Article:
All together, it should look like this:
There are a lot of things to look for. But, because this will be the foundation of all of the percussion playing your students do in their percussive career, they can’t afford to learn it wrong.
Depending on the method book you choose to use with your class, you will hopefully find a page of simple sticking patterns that you can use that will not only provide lots of practice, but will also keep things interesting. Start having students play play these strokes around 100 bpm (each stroke is a quarter note) and gradually increase tempo (up to 180 to 200 bpm after time).
Here’s an example of a sticking pattern exercise
- RRRR RRRR LLLL LLLL
- RRRR LLLL RRRR LLLL
- RRLL RRLL RRLL RRLL
- RLRL RLRL RLRL RLRL
- Etc…. (you can make up your own sheet if necessary)
As students begin working through legato strokes, here’s a checklist of things you can be on the lookout for:
- Are the thumbs FLAT on the stick?
- Are the hands FLAT (the cookie; seeing the top of their hand)?
- Are the fingers WRAPPED around the stick (soft fist, not tight)?
- Are students RELAXED (no white knuckles!)?
- Are they making the Letter A at rest position?
- Are the thumb and index fingers directly across from each other on the stick?
- Students should not be “opening and closing their hands” and using their fingers actively. This should only be wrist strokes for now.
- Are student’s pathways vertical? Is there diagonal slicing?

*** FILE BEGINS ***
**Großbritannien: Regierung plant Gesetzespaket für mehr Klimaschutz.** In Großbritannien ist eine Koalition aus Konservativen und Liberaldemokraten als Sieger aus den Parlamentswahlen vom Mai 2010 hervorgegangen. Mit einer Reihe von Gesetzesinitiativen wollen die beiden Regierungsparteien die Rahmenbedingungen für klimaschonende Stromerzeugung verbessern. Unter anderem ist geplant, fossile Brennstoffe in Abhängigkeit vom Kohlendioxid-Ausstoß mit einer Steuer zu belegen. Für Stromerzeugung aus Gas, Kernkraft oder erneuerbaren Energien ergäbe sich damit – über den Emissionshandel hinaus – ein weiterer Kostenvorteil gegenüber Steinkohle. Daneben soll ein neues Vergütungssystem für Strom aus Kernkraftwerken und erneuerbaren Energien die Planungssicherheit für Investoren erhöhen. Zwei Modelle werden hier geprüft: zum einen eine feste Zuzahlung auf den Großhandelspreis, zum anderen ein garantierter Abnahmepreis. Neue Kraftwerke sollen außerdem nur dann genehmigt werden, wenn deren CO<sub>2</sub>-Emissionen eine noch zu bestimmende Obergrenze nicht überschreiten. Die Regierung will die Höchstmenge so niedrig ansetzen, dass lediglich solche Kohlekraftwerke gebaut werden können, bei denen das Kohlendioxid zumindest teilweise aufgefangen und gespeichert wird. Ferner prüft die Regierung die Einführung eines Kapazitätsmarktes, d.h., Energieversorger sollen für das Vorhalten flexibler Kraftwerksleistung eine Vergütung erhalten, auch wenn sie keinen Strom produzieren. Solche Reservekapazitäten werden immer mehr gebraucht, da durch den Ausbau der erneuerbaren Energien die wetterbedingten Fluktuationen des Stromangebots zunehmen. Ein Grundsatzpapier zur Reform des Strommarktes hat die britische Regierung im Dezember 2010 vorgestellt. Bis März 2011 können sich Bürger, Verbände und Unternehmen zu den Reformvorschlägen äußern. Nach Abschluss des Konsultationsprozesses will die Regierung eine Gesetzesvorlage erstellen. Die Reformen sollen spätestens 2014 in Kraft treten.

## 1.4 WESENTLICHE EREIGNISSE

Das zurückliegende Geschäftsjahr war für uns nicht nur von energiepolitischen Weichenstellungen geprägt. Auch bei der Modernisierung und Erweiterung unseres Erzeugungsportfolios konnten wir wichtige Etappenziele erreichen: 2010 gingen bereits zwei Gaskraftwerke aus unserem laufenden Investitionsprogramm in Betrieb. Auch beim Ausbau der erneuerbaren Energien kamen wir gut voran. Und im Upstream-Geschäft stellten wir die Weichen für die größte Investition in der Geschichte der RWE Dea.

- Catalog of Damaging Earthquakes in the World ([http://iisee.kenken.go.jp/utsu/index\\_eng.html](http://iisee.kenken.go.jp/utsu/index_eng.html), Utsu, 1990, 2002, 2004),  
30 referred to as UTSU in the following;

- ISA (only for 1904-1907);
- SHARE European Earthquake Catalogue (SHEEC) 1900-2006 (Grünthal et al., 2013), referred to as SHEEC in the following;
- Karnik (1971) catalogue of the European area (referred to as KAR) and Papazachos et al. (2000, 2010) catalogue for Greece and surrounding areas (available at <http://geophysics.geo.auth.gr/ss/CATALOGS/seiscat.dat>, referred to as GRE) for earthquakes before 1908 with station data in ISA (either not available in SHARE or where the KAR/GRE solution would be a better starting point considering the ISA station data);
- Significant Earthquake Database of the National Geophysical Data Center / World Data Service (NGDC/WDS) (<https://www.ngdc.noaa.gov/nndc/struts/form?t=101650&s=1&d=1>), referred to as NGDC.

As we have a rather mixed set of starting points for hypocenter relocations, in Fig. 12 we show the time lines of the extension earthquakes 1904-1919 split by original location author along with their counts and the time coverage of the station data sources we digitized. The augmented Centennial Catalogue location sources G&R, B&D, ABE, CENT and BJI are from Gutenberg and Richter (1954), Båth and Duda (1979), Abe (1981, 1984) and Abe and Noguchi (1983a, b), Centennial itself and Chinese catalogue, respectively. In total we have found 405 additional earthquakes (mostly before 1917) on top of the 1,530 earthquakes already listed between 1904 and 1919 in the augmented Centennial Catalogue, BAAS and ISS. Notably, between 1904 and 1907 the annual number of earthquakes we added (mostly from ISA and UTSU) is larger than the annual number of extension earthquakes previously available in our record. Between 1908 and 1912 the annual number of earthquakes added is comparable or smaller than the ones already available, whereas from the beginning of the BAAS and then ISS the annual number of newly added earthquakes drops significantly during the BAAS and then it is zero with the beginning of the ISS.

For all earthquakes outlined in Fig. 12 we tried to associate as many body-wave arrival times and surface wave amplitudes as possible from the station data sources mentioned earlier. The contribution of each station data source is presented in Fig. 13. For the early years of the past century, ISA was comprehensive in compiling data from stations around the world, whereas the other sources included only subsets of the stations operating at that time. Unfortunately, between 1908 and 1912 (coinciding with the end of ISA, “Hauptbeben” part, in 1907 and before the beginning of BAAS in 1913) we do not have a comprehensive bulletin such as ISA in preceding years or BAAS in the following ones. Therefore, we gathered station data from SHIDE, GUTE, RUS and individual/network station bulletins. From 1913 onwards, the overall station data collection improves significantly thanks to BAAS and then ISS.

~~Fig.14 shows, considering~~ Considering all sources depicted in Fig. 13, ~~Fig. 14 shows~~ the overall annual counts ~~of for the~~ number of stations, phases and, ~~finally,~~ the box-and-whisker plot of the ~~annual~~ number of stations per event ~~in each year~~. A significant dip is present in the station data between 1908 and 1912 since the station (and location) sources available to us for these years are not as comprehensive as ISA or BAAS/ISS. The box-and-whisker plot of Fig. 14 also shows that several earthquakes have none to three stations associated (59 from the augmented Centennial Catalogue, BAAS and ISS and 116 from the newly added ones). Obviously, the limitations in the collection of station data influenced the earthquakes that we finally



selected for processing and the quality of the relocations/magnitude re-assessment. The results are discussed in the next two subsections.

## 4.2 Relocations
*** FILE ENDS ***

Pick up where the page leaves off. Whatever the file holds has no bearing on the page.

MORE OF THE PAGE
- Are students using only wrist strokes and not using the arm to raise and lower?
- Do students feel the bounce off the pad? Be sure to ask them this as they play.
By the way, there’s no substitution for demonstration. If students can see you do this well, they are MUCH more likely to “get it” sooner. Emulation is the name of the game. If you need to work on this in order to demonstrate to your students, there’s no shame in that.
Lastly, it’s so easy to forget all of this technical information as students start reading actual rhythms on the page. Be diligent in addressing this no matter what students are doing in class. You should begin every snare drum/pad session with some sort of legato stroke exercise like “8 on a Hand.” Mix it up and have students play along with some fun music. (We played our legato strokes today to “Single Ladies” by Beyonce. Yes, we did. It was awesome!)
Have fun with this and continue to keep things lighthearted for your students! Technique work can get boring, but that doesn’t change how important it is. If your students are having fun while you drill technique (or anything for that matter), they’ll do anything you ask and become better players in the process.
Good luck and happy drumming!
Eric Rath is an active educator, clinician, adjudicator, arranger, and composer. He has served as a band and orchestra director as well as a percussion specialist at the middle and high school levels. He and Ralph Hicks are the co-authors of the percussion ensemble collection, “Beyond Basic Percussion” and the snare drum and keyboard fundamentals book, “Five Minute Drill” (Tapspace Publications). Recently, they launched their latest book, “The Golden Age of Ragtime,” which features five ragtime piano pieces transcribed for xylophone soloist and marimba ensemble or piano accompaniment. ericrathmusic.